With the help of my director, I began to feel an even deeper sense of welcome – God’s welcome.  This was a very intimate place, where I could be happy, playful, tired, grateful, edgy, lustful, raging or railing, profoundly regretful, dull and distracted, or weeping with some realization.  God welcomed it all with open arms, and so my trust grew.

It grew to the point that one night I had a dream that really disturbed me.  In the dream, I had ridden my bicycle a long way into the city to make amends with a person that I had once cut out of my life suddenly, due to circumstances that were not of her making, but my own.  I was getting back onto my bicycle, feeling reassured that she was all right, and we could both move forward with our lives.  But as I rode away from corner where we met, I saw just across the street a very long, double-wide line of people waiting to enter a shabby 3-story motel for the night.  These people were in a state of utter chaos – disheveled, filthy, clothes falling off, wounded, and emotionally out of control.  They yelled and spit at each other, wrestled on the ground, fought over trash, conned and cajoled, gestured obscenely and made unwanted sexual advances on each other.  There was an overwhelming atmosphere of hunger, loneliness, and depravity.  And yet in some improbable way, the line was orderly.  They knew why they were there.  They were waiting to get into the motel for the night.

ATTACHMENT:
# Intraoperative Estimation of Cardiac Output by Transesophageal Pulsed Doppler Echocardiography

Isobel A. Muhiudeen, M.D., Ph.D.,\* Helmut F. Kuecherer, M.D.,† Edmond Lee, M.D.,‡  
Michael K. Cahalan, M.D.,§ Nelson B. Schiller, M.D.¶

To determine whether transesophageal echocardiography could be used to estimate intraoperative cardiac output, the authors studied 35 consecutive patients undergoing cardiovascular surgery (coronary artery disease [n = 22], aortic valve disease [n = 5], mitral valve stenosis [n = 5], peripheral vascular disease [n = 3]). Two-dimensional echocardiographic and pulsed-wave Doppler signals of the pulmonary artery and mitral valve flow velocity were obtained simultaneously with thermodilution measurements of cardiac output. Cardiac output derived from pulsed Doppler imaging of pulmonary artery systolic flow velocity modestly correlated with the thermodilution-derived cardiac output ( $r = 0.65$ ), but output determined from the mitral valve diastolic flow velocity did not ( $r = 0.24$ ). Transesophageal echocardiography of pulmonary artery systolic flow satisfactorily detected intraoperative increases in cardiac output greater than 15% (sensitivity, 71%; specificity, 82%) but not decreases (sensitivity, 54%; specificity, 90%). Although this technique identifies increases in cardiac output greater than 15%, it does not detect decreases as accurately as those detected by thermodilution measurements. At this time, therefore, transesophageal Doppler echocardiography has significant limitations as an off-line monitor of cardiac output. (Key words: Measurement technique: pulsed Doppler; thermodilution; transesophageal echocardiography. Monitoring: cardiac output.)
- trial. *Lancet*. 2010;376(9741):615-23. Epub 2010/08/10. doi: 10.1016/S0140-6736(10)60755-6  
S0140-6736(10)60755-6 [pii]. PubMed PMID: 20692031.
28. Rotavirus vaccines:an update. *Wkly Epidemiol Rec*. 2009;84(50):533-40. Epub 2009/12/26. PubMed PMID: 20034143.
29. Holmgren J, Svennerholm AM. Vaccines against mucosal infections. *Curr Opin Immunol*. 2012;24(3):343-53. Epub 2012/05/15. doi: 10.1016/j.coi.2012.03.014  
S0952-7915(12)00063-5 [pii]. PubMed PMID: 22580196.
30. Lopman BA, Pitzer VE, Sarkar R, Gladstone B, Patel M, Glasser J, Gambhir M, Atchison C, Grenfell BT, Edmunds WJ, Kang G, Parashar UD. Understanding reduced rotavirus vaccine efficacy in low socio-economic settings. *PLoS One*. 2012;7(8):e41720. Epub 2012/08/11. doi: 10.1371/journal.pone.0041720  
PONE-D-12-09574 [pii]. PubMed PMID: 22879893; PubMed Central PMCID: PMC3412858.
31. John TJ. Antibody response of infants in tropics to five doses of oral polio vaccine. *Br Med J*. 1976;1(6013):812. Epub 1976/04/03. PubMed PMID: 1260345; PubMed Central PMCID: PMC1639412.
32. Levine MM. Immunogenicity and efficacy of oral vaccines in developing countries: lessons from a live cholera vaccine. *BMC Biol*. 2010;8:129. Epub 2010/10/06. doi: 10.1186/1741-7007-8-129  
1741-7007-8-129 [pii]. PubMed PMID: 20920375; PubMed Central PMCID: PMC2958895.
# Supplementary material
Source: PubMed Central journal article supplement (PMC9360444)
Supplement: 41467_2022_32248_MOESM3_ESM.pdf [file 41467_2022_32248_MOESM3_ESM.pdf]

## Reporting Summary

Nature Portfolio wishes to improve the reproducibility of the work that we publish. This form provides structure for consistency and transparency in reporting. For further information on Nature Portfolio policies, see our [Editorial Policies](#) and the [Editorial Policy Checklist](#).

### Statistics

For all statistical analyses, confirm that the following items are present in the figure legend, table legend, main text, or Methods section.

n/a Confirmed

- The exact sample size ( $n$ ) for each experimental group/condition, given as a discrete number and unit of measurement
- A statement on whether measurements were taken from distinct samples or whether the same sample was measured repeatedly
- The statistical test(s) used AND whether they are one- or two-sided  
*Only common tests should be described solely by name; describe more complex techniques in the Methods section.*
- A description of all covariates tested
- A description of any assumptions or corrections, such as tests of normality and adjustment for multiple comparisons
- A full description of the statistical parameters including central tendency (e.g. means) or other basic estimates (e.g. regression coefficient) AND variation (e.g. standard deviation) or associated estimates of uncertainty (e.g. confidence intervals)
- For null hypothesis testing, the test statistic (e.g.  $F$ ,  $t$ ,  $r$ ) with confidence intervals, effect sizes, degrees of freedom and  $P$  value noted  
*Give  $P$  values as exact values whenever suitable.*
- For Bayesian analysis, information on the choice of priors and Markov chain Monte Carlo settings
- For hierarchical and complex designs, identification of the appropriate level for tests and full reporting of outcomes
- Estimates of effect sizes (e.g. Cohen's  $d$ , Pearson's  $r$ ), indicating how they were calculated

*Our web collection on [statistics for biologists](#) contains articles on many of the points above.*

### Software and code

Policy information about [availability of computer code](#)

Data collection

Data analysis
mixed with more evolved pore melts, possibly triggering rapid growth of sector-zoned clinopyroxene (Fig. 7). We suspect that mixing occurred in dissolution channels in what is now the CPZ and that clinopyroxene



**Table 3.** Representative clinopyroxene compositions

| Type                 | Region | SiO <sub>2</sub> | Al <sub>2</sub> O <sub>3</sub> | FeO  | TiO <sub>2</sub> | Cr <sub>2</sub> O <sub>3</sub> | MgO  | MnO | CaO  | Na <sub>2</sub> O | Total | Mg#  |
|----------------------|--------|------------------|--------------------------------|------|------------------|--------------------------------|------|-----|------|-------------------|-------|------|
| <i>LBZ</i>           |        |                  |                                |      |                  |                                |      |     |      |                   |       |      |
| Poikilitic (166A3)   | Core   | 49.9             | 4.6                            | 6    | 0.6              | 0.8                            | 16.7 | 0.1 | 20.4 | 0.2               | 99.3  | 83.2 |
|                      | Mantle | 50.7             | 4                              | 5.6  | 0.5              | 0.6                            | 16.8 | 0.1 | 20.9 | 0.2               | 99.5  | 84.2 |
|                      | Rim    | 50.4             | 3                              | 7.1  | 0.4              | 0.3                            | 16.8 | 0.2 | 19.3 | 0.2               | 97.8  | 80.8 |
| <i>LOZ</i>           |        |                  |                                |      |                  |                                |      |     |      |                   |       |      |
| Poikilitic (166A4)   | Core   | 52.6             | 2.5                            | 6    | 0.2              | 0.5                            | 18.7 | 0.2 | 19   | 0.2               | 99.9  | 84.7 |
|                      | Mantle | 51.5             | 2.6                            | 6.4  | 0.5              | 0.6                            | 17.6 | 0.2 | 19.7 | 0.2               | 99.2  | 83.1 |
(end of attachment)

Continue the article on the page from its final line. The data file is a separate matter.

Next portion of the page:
In the dream I felt ashamed, because I was unwilling to meet them.  I averted my eyes and rode my bicycle on like the rich man, stepping over Lazarus on his doorstep (Lk 15:11-32).  When I woke up, I thought this dream was about my fear of deeply engaging the suffering of others in my work as a nurse.  But in spiritual direction that day, I realized that actually, the dream was pointing out something even more fundamental, which if remedied, could still help me encounter suffering in others with greater authenticity.

I realized that every disheveled, hungry person in that line was a neglected or disdained part of myself.  And the task, both during retreat and in life after retreat, was to welcome every one of them into my house with love.  Named, heard, loved, treasured, taught, and claimed.  Imagine it: “Ah, Woman-who-is-mean-to-her-mother! Welcome!  Have you had anything to eat?  Please come in, and sit down.  Tell me your story.”  Or, “Hello, Woman-who-interrupts-people-in-conversation.  You look like you could use some warm, fresh clothing, a hot drink, and a clean bed.  I’d love to hear what makes you happy.”